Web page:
One of the ways that Jesus renewed was to go be alone – even if it was being alone, generally in prayer, for a brief time (there were, of course, days – think 40 days – when Jesus would be alone in prayer).  Renewing energy comes from intentional, focused, ‘prayer-full’ time alone (NOTE: ‘Prayer’ can be in the form of deep meditation, deep breathing, deep relaxation, recitation of ‘prayers’ or ‘mantras’ or ‘poetry,’ etc.). 

Jesus also allowed himself to be served by those who cared for him.  I am thinking of his deep friendship with Mary, Martha and Lazarus.  I can image Jesus allowing Mary to wash his feet – an act both of service and renewal. 

Jesus is also self-caring and self-compassionate when he protects himself from harm by leaving places that reject him.  Matthew tells us that Jesus ‘withdrew’ from a place that, if he had stayed, would have been physically harmful to him (Matthew 12:15).  When Jesus experiences the dread of future arrest and crucifixion, he seeks to receive support from his disciples.  He demonstrates need and being vulnerable when he asks them to be there for him during his hour of need (of course, how they responded is still another story). 

Jesus never modeled that the one serving must suffer (think: burnout, depletion, self-violence by not caring for one’s self, etc.).  Suffering, of course, will occur.  However, the suffering that we inflict upon ourselves by refusing to care for ourselves is not ‘sacred suffering’ it is, rather, ‘profane suffering.’  At the worst it is ego-centric suffering – ‘See how I suffer for those I serve!’  Me thinks that Jesus would not support this type of suffering. 

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WHAT DO WE SEE?

For now we see though a glass darkly!

Love one another as I have loved you. –God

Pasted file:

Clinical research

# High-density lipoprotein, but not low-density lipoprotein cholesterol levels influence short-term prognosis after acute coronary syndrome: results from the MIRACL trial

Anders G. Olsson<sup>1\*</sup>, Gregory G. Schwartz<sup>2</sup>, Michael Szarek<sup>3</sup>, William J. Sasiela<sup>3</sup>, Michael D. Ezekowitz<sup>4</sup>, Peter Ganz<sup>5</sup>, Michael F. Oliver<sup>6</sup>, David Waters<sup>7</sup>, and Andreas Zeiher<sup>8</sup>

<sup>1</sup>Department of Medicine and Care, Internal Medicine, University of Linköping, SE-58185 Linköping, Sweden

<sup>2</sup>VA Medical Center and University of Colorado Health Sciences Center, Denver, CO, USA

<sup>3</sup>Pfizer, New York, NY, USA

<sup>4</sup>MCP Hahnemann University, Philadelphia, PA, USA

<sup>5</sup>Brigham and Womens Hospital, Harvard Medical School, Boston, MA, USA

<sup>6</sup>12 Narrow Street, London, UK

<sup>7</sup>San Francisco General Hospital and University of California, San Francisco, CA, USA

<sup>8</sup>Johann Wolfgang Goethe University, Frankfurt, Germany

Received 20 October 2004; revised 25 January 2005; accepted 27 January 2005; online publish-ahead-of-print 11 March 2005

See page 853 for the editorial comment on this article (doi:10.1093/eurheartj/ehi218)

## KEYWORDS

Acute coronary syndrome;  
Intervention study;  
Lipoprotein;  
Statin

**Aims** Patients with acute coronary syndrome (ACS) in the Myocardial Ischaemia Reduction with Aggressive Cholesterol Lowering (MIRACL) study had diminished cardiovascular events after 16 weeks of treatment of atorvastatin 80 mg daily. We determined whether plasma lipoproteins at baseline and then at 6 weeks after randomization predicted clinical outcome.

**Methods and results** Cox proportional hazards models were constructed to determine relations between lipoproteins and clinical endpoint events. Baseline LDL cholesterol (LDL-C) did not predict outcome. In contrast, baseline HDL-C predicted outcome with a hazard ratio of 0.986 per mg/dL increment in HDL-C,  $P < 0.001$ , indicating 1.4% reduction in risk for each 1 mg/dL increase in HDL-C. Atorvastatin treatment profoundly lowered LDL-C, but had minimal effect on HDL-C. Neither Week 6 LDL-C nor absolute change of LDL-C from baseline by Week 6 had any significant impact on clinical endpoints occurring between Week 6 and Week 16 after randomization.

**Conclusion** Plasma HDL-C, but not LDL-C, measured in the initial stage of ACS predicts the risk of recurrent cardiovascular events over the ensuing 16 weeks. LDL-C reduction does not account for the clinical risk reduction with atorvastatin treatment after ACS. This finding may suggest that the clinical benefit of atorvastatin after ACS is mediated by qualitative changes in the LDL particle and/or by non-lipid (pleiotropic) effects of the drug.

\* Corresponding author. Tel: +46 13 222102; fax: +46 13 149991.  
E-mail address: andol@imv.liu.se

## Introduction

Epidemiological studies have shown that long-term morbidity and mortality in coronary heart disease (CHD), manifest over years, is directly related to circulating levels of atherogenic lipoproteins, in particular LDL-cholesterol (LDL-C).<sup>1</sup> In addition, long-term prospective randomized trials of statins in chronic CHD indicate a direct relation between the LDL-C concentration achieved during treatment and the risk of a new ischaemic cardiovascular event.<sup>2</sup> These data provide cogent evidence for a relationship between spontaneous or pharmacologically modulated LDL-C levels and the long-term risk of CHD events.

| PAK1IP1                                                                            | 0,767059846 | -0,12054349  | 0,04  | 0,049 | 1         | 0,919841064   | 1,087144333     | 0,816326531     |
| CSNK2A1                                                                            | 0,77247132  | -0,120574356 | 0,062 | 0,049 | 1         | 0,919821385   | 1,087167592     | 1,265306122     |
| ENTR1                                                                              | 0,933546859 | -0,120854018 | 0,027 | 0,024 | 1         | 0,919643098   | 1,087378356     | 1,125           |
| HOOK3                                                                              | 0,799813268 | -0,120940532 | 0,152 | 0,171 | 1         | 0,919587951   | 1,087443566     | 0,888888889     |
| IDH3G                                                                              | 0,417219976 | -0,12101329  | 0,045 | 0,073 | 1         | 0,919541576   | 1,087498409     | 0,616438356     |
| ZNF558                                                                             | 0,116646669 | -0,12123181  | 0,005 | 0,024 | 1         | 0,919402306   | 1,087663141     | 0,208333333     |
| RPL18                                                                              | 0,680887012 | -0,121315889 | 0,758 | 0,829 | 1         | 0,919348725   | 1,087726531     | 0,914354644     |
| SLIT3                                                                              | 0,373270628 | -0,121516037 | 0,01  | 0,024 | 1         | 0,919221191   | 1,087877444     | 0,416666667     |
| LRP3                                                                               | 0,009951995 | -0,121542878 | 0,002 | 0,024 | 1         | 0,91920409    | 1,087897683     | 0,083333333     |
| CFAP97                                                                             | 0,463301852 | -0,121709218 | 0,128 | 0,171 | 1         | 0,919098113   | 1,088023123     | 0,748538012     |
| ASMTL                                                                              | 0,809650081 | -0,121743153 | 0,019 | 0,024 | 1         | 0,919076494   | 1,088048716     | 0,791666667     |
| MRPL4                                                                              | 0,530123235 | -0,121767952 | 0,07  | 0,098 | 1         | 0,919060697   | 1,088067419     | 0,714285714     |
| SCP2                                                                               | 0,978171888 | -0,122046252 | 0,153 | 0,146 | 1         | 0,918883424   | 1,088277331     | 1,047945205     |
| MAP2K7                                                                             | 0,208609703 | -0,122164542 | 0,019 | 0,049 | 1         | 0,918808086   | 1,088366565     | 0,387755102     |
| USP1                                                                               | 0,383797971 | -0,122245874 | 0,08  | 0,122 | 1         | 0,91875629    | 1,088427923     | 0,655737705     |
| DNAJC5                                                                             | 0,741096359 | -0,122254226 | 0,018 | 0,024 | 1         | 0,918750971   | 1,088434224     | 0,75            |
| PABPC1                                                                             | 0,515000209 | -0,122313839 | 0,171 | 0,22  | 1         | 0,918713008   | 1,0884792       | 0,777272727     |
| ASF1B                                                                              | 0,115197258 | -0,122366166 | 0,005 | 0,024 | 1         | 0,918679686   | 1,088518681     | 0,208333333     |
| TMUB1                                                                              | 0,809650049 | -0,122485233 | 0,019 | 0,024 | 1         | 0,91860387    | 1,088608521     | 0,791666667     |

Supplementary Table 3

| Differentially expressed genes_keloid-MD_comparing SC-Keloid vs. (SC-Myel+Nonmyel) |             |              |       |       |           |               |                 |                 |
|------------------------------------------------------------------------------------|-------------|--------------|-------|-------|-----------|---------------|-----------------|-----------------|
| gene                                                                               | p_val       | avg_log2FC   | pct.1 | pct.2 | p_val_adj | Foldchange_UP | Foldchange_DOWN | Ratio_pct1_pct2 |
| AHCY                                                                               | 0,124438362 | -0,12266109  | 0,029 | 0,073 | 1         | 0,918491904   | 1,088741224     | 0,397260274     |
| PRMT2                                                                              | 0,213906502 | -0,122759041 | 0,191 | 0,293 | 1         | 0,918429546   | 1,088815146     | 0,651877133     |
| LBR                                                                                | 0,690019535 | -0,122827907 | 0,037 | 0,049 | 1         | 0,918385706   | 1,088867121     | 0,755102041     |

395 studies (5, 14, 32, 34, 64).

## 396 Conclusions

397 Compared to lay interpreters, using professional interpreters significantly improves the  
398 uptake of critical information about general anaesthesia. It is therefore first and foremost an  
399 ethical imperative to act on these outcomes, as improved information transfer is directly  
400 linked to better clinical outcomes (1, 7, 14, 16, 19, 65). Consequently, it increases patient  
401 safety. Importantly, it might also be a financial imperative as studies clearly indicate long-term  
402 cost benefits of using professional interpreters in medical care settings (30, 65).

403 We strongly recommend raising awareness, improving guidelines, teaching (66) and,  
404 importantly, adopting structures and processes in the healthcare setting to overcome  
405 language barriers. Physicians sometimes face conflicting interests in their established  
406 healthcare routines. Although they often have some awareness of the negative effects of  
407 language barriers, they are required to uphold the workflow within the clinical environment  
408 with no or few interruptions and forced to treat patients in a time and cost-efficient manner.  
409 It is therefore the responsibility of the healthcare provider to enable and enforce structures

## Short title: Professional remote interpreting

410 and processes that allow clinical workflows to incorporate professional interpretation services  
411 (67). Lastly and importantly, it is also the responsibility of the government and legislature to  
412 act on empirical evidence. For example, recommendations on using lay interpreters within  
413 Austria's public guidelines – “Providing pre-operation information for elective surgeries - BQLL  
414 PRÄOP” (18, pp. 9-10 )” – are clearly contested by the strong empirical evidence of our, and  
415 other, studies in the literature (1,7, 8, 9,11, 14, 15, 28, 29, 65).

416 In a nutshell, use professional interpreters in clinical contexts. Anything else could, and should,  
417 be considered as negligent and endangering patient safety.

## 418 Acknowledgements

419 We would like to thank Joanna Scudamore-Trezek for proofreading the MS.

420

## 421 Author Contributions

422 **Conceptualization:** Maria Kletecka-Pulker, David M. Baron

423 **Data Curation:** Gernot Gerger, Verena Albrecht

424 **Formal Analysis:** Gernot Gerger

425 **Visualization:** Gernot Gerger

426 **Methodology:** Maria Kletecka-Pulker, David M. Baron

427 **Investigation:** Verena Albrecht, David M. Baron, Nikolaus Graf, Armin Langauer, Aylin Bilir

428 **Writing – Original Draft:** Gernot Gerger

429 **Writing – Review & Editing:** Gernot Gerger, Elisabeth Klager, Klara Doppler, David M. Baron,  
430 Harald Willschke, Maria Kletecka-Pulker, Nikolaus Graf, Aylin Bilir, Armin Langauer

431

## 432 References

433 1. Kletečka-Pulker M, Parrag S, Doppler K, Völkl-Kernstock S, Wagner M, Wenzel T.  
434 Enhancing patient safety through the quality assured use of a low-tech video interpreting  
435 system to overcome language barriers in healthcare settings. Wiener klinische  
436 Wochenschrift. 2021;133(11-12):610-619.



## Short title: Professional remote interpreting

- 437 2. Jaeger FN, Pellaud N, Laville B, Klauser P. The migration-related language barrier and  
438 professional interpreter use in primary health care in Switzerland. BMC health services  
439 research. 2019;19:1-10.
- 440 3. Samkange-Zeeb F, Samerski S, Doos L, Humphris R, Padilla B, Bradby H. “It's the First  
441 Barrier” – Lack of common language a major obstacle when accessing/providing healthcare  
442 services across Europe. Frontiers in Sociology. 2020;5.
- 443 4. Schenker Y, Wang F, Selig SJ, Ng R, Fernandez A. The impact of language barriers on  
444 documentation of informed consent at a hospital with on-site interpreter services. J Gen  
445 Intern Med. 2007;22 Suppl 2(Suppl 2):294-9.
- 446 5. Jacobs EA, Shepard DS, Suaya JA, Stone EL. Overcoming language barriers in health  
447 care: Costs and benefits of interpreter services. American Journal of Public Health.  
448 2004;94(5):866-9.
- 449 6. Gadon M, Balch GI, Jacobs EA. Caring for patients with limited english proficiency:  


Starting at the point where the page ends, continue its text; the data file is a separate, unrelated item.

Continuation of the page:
What do we see when we look at the elderly?  Do we see the elderly as sick, despised, rejected, lonely or defeated, bitter and resigned to their fate?  Do we see the elderly clinging to a hope for somebody’s – or anybody’s – affection or even recognition of their existence?  Do we truly ‘see’ the elderly – the fully human person?  Do we look deeply into the eyes of the elderly and see the wonder of their soul and the spirit that resides within?  Do we imagine the elderly praying for the release that comes with death?  Do we see the elderly as deprived AND forgotten, in charge yesterday and outcasts today?  Do we see the elderly as wise or foolish?  Do we seek to hear and honor their stories or do we pray that they hold their tongues?  Do we see the elderly as searchers and seekers and learners or do we see them as burnt-out – the fire in their belly has been extinguished and they are filling with dense smoke and suffocating from within?  Do we believe we owe the elderly reverence – perhaps they simply want consideration, certainly they don’t want to be discarded nor forgotten?  Do we see the elderly as equals; do we seek to grant them equality?  Do we see that caring for the elderly is a privilege, not as an act of charity?  Do we remember that there is no reverence of God without reverence of the elderly?  Do we view ‘advancing in years’ as movement forward revealing pathways of possibility or as a retreat into the past?  Do we seek to tolerate the elderly or do we seek to honor the elderly?  Do we invite the elderly to bring and share their story, their voice, their wisdom and their gifts?  Do we believe the elderly can, and do, contribute to our well-being or do we wish they would capitulate and disappear?  Do we want the elderly to challenge or conform?  Do we invite the elderly to co-create or comply?  Do we invite the elderly to freely choose or to be compliant?  Do we believe that the enemy of the elderly is indifference?  Do we strive to extend care, compassion and empathy to the elderly – do we truly seek to ‘walk in their shoes’ AND do we seek to walk ‘with them’?  Do we believe Frederich Buechner when he tells us that: Compassion is the sometimes fatal capacity for feeling what it is like to live inside of somebody else’s skin.  It is the knowledge that there can never really be any peace and joy for me until there is peace and joy for you’?  Do we seek to help the elderly understand – there is so much to understand, starting with seeking to understand one’s self as one ages?  WHO is this ‘WE’ I’ve been noting?  This ‘WE’ is the young, the adult and ‘WE’ the elderly ourselves!